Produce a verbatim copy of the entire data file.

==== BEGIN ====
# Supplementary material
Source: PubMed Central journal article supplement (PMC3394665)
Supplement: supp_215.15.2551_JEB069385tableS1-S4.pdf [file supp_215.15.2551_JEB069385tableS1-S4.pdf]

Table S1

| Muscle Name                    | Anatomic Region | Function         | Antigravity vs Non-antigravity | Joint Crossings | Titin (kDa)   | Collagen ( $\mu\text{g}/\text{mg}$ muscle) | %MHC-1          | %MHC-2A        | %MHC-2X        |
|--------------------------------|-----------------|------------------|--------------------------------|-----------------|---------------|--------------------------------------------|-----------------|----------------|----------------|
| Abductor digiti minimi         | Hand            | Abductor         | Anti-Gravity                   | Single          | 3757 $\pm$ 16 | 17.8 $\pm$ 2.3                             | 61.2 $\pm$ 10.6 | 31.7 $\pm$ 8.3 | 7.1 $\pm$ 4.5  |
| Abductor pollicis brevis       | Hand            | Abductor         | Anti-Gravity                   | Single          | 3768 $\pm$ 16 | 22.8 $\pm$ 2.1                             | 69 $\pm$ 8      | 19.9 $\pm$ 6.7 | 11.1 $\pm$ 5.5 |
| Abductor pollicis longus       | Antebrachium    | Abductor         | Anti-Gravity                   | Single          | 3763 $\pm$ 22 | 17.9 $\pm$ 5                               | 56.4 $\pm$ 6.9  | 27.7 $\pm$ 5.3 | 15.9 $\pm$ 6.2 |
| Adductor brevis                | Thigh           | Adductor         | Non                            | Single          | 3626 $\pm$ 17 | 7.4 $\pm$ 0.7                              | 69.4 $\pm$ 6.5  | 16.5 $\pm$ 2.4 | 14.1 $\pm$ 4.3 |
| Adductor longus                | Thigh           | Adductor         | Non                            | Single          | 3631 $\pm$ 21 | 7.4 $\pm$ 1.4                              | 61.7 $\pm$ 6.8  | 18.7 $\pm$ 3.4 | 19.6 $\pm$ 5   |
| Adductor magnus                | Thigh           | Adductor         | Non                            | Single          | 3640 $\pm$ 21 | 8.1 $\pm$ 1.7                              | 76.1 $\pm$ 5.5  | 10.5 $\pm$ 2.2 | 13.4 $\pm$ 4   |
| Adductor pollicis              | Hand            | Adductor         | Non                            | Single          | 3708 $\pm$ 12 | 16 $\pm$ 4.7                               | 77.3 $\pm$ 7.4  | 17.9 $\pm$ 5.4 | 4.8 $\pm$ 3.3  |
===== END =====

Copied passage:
# Supplementary material
Source: PubMed Central journal article supplement (PMC3394665)
Supplement: supp_215.15.2551_JEB069385tableS1-S4.pdf [file supp_215.15.2551_JEB069385tableS1-S4.pdf]

Table S1

| Muscle Name                    | Anatomic Region | Function         | Antigravity vs Non-antigravity | Joint Crossings | Titin (kDa)   | Collagen ( $\mu\text{g}/\text{mg}$ muscle) | %MHC-1          | %MHC-2A        | %MHC-2X        |
|--------------------------------|-----------------|------------------|--------------------------------|-----------------|---------------|--------------------------------------------|-----------------|----------------|----------------|
| Abductor digiti minimi         | Hand            | Abductor         | Anti-Gravity                   | Single          | 3757 $\pm$ 16 | 17.8 $\pm$ 2.3                             | 61.2 $\pm$ 10.6 | 31.7 $\pm$ 8.3 | 7.1 $\pm$ 4.5  |
| Abductor pollicis brevis       | Hand            | Abductor         | Anti-Gravity                   | Single          | 3768 $\pm$ 16 | 22.8 $\pm$ 2.1                             | 69 $\pm$ 8      | 19.9 $\pm$ 6.7 | 11.1 $\pm$ 5.5 |
| Abductor pollicis longus       | Antebrachium    | Abductor         | Anti-Gravity                   | Single          | 3763 $\pm$ 22 | 17.9 $\pm$ 5                               | 56.4 $\pm$ 6.9  | 27.7 $\pm$ 5.3 | 15.9 $\pm$ 6.2 |
| Adductor brevis                | Thigh           | Adductor         | Non                            | Single          | 3626 $\pm$ 17 | 7.4 $\pm$ 0.7                              | 69.4 $\pm$ 6.5  | 16.5 $\pm$ 2.4 | 14.1 $\pm$ 4.3 |
| Adductor longus                | Thigh           | Adductor         | Non                            | Single          | 3631 $\pm$ 21 | 7.4 $\pm$ 1.4                              | 61.7 $\pm$ 6.8  | 18.7 $\pm$ 3.4 | 19.6 $\pm$ 5   |
| Adductor magnus                | Thigh           | Adductor         | Non                            | Single          | 3640 $\pm$ 21 | 8.1 $\pm$ 1.7                              | 76.1 $\pm$ 5.5  | 10.5 $\pm$ 2.2 | 13.4 $\pm$ 4   |
| Adductor pollicis              | Hand            | Adductor         | Non                            | Single          | 3708 $\pm$ 12 | 16 $\pm$ 4.7                               | 77.3 $\pm$ 7.4  | 17.9 $\pm$ 5.4 | 4.8 $\pm$ 3.3  |